Five years ago, Abou Omar, together with his family of 12, fled rural Hama to Idlib, where they share two tents in a camp. With no access to fuel, there is no heat—the tents are frigid shells during the winter. When rain falls in heavy downpours, the tents flood, destroying the only place they have to keep warm. Lack of jobs and overall poor economic conditions prevent them from earning an income to provide enough food for their family. The food basket that is provided is simply not enough. Abou Omar’s personal danger is further increased because he has diabetes and lacks access to insulin. Conditions in northwest Syria are plagued by a categorical lack of access to vital basic services.
To increase access to Syrians in these hard-to-reach areas, the hostilities must be halted, and all access points opened. The renewal of UN Security Council Resolution 2533 that allows cross-border access into northwest Syria is vital, in addition to strengthening all access modalities across Syria (both cross-border and crossline).
An additional layer of access impediments includes the bureaucratic challenges that further increase Syrians’ precarious positions and heighten their vulnerability. Humanitarian agencies are too familiar with the challenges imposed in carrying out principled humanitarian assistance. Moreover, the onset of the Covid-19 pandemic worsened living conditions with the imposition of curfews and other movement restrictions.
In Al Quneitra governorate, most of the local population relies on day labor jobs to survive. However, with the movement restrictions, many families experienced significant financial losses and, in turn, became more reliant on assistance. Humanitarian groups, including the Norwegian Refugee Council (NRC), have faced access constraints because of restrictions imposed on the movement of aid workers. NRC’s team, located in Damascus, is 14 kilometers away from Jdaidet al-Fadl town in Al Quneitra governorate, normally a mere 21 minutes by car. Instead, gaining access to this town took 37 days.
Once NRC was able to reach the town, the team met Mohammad, the only breadwinner for a family of eleven. As a furniture painter, he works up to fourteen hours a day to earn enough to scrape by. During the Covid-19 lockdown, Mohammad and his family suffered immensely due to loss of income. “During the curfew, [day laborers] like myself were out of work. We found ourselves trapped in poverty and drastic economic hardships.” He continued, “Sharing bread with neighbors and borrowing money from relatives were the only available coping mechanisms [during] these challenging times.” The curfew not only led to economic hardships but also to malnutrition, placing his family in further peril.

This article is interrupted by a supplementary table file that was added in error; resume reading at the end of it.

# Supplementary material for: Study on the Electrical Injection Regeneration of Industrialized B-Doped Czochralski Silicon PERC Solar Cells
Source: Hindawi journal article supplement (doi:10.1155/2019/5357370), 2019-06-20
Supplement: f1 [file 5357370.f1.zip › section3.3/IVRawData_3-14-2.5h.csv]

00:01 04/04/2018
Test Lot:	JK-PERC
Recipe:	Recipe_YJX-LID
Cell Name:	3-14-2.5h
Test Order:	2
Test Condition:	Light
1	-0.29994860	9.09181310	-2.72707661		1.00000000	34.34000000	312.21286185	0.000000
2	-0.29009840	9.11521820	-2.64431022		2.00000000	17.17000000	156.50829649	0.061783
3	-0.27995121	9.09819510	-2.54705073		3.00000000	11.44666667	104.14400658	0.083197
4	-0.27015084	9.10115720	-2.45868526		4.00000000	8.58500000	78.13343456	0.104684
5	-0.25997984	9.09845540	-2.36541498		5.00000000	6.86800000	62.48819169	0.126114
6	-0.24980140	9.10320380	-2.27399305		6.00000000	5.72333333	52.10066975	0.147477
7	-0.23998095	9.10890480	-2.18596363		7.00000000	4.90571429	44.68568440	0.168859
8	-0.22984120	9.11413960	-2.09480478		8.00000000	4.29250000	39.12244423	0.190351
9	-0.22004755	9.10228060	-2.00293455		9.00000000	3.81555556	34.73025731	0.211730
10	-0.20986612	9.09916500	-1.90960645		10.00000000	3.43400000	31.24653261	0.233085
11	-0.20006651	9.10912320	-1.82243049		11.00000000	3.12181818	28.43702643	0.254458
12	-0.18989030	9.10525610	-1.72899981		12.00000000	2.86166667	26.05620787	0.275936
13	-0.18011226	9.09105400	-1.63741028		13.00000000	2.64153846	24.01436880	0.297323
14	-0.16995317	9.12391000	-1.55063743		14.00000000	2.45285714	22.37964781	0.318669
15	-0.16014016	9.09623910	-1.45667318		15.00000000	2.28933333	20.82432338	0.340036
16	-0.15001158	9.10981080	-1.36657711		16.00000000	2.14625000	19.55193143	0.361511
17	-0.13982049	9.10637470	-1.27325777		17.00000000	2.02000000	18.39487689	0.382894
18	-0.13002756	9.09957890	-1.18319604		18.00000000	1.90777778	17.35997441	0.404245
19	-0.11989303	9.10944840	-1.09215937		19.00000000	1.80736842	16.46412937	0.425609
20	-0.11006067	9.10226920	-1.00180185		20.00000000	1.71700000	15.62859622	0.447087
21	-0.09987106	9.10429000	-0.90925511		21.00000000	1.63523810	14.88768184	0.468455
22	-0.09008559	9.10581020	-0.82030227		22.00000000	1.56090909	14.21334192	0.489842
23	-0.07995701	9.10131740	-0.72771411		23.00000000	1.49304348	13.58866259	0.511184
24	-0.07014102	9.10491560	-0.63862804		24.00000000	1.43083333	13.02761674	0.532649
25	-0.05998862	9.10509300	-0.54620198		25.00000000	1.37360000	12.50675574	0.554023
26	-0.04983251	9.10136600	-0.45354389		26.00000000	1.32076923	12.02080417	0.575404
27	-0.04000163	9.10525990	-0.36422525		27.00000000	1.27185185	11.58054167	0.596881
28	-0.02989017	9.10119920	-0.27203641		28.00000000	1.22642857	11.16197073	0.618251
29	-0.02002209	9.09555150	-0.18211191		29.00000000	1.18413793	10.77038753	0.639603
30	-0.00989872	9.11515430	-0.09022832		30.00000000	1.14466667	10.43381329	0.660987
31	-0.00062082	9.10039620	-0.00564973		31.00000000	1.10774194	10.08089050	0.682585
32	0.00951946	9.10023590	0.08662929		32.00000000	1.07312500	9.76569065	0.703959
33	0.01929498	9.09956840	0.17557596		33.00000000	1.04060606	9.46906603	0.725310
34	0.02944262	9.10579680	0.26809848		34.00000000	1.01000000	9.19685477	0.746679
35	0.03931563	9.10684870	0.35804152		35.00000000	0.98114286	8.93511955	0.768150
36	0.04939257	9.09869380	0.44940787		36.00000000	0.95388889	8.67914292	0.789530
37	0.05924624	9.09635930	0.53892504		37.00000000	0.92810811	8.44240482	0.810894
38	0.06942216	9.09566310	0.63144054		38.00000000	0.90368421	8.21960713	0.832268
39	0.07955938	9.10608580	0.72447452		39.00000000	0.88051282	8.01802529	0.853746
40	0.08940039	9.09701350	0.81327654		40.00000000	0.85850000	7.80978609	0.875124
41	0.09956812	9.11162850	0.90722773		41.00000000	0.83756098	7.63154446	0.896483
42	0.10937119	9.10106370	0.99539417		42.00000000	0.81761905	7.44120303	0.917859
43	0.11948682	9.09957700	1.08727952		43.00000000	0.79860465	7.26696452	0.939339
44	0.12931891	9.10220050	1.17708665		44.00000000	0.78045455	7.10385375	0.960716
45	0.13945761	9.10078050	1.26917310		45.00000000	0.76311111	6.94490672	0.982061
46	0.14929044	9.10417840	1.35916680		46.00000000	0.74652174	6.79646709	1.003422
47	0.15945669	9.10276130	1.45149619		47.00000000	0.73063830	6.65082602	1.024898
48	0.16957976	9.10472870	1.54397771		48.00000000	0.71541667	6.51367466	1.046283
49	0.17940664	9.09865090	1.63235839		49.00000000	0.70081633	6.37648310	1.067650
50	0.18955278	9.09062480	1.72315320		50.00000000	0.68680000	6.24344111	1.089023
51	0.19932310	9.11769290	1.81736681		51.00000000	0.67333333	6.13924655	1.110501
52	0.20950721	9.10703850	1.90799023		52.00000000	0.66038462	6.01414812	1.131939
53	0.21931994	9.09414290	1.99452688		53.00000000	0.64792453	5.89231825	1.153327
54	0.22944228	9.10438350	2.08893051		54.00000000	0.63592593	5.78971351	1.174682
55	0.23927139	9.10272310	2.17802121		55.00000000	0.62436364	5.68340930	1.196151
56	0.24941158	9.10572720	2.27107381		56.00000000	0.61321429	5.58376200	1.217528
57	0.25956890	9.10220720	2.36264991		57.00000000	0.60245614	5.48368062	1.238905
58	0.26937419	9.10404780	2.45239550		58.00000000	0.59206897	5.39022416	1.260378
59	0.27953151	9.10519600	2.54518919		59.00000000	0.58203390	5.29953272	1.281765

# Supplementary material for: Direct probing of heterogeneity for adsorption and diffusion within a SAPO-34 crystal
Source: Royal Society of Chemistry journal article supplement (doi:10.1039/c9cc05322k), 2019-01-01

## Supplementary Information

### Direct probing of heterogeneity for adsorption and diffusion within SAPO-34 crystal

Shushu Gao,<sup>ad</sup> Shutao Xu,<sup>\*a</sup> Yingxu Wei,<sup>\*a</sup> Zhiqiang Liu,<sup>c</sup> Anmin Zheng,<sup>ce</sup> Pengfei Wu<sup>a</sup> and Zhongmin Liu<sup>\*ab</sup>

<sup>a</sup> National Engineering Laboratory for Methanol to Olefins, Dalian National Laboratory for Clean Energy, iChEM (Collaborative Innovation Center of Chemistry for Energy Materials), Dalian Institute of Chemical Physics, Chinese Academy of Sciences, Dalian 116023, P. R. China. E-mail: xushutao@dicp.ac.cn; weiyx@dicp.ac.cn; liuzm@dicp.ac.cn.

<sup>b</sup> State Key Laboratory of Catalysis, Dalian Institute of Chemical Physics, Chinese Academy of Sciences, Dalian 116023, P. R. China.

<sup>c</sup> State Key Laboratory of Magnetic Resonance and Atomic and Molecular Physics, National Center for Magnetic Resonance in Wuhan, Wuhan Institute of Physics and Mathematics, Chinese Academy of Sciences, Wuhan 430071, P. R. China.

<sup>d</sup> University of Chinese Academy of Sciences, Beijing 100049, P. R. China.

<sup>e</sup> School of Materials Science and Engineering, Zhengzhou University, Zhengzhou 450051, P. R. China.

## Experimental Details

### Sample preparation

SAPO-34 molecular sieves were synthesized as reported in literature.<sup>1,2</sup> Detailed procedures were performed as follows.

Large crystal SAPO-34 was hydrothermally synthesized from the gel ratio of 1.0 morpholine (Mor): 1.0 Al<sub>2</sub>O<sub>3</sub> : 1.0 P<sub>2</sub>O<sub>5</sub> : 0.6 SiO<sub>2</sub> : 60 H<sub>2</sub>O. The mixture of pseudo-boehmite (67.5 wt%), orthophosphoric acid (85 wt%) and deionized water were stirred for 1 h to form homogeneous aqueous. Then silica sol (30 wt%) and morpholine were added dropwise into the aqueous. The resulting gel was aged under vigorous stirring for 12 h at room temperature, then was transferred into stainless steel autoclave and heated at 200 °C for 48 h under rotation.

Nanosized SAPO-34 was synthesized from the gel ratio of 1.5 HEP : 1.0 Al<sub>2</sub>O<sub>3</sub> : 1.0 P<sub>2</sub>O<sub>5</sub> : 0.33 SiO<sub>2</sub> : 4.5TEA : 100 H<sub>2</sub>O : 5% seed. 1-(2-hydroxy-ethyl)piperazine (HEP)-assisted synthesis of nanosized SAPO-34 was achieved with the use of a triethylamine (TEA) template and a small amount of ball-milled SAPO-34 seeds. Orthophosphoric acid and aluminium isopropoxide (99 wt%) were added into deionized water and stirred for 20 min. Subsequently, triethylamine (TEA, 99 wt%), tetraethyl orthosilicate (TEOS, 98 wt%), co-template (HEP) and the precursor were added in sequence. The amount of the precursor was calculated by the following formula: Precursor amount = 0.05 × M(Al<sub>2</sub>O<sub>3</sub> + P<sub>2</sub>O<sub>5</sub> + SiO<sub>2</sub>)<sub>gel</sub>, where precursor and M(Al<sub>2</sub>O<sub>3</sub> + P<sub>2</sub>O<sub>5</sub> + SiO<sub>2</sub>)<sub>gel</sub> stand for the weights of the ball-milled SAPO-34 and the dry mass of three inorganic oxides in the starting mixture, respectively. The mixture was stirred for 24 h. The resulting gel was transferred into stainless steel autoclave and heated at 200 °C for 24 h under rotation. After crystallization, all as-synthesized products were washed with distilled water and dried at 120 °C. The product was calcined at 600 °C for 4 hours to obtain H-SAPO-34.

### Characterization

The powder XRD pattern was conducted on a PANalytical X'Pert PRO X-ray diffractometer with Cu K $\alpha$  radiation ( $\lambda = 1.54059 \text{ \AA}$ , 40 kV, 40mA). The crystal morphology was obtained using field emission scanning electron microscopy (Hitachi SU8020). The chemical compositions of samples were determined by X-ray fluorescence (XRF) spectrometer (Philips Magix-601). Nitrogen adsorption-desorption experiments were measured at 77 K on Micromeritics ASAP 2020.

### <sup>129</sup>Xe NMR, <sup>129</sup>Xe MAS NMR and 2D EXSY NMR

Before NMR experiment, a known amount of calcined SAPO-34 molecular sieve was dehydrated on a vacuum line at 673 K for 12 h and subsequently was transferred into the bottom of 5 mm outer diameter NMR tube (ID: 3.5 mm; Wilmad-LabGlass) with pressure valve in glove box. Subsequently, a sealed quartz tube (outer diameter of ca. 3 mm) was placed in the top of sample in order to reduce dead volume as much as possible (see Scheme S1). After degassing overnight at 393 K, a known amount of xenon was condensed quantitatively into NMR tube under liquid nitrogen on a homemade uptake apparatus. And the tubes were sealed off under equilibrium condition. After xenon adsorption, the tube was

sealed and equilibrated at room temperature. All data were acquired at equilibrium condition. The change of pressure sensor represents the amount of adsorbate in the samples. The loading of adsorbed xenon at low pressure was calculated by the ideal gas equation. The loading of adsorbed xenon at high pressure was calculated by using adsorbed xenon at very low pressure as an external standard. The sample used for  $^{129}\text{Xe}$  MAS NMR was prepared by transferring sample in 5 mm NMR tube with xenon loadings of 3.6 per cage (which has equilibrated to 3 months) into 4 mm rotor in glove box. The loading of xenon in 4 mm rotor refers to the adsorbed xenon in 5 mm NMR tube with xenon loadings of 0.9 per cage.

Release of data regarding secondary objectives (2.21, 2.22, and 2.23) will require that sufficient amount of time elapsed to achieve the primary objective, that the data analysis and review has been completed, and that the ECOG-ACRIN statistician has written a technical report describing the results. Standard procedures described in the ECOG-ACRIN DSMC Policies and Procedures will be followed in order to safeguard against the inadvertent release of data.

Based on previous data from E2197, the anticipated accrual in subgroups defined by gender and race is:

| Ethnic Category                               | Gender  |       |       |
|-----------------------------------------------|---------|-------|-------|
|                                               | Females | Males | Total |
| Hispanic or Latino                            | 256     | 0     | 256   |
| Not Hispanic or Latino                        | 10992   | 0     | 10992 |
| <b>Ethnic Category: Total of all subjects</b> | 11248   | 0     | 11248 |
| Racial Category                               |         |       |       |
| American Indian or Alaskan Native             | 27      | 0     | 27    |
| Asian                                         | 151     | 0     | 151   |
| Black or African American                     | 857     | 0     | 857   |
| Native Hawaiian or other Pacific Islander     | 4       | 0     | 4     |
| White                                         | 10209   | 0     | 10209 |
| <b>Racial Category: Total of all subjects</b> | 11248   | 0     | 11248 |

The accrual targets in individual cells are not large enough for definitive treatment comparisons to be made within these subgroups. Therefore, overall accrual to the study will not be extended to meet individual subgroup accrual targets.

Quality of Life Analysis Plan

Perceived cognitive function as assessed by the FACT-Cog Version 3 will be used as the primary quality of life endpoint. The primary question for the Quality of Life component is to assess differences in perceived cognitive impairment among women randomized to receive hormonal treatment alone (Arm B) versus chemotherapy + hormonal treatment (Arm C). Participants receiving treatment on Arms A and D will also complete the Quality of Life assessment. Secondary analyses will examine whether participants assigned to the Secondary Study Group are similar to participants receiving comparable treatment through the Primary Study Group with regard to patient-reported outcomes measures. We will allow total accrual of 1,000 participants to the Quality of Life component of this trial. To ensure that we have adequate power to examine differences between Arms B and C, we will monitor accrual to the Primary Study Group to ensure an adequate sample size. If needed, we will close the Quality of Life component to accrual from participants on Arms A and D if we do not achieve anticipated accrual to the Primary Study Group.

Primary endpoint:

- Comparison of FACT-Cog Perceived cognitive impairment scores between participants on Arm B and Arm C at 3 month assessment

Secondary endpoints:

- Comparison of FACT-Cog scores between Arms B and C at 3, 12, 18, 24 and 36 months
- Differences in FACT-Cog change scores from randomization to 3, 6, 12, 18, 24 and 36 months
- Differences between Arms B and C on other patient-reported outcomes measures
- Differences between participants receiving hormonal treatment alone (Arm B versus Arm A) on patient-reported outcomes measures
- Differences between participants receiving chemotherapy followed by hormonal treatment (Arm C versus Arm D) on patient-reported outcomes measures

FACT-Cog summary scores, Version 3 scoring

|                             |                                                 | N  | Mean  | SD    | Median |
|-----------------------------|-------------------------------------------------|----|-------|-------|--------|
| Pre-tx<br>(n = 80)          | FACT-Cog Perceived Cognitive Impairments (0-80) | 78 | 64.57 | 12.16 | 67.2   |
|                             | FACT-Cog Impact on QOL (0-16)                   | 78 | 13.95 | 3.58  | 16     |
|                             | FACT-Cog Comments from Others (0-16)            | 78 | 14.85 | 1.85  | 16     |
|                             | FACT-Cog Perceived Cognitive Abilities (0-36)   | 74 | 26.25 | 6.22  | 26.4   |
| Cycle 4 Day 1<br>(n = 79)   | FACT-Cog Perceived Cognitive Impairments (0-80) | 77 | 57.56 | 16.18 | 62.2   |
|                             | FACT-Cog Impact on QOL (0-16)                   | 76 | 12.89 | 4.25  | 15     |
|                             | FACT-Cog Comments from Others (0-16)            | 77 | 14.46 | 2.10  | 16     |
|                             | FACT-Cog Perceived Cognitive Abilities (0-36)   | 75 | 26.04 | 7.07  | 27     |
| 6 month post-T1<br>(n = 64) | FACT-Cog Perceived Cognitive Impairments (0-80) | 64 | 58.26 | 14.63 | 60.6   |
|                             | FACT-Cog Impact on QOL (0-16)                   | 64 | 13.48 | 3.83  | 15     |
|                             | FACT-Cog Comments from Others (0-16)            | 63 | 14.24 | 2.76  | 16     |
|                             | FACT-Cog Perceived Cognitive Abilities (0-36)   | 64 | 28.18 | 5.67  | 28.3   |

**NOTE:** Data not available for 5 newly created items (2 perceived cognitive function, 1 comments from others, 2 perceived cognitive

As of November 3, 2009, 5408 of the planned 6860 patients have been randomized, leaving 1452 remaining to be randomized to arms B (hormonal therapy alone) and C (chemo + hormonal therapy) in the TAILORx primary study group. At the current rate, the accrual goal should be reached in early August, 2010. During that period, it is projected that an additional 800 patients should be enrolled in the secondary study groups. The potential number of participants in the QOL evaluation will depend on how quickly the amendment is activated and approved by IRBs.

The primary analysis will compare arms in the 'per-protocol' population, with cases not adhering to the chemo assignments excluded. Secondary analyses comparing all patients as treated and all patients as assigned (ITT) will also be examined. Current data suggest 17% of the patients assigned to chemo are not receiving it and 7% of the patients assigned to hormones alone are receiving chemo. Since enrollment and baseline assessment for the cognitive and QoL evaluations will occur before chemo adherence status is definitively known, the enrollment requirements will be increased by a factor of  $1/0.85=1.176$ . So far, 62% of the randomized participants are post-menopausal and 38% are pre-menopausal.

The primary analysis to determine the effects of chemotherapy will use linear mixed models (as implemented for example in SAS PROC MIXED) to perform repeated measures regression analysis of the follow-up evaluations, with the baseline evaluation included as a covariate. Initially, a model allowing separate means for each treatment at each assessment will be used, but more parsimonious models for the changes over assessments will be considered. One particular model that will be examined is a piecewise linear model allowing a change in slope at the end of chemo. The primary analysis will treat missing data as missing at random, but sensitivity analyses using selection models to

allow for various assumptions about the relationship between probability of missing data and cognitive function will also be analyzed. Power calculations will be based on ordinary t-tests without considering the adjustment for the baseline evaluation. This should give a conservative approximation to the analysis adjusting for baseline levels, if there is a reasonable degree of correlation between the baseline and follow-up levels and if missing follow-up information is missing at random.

In cases when humanitarian access is officially granted in Syria, administrative burdens transform what should be a swift and unimpeded process to deliver aid into a lengthy series of paper filing and waiting for approvals. Reaching Syria’s most vulnerable requires unfettered access. In order to deliver principled humanitarian assistance, aid organizations must be allowed to move freely with minimal interference in their operations. Donors and humanitarian actors must join efforts to collectively push back against interference in aid delivery to facilitate unimpeded access to all Syrians.
When access is hindered, Syrians are the ones who fall in these gaps and suffer the most as they grow more reliant on humanitarian assistance. In the tenth year of the crisis, Syrians continue to need assistance because the scale, severity, and complexity of their needs remain extensive. Their needs must be the guiding compass and main driver for all related parties to take action that respects humanitarian principles to ensure unimpeded access and safeguards the humanitarian space.
Basma Alloush is a policy and advocacy adviser at the Norwegian Refugee Council (NRC) in Washington D.C. Oula Mashfj is a media and communications assistant with NRC in Damascus, Syria.
Commentary is produced by the Center for Strategic and International Studies (CSIS), a private, tax exempt institution focusing on international public policy issues. Its research is nonpartisan and nonproprietary. CSIS does not take specific policy positions. Accordingly, all views, positions, and conclusions expressed in this publication should be understood to be solely those of the author(s).
© 2021 by the Center for Strategic and International Studies. All rights reserved.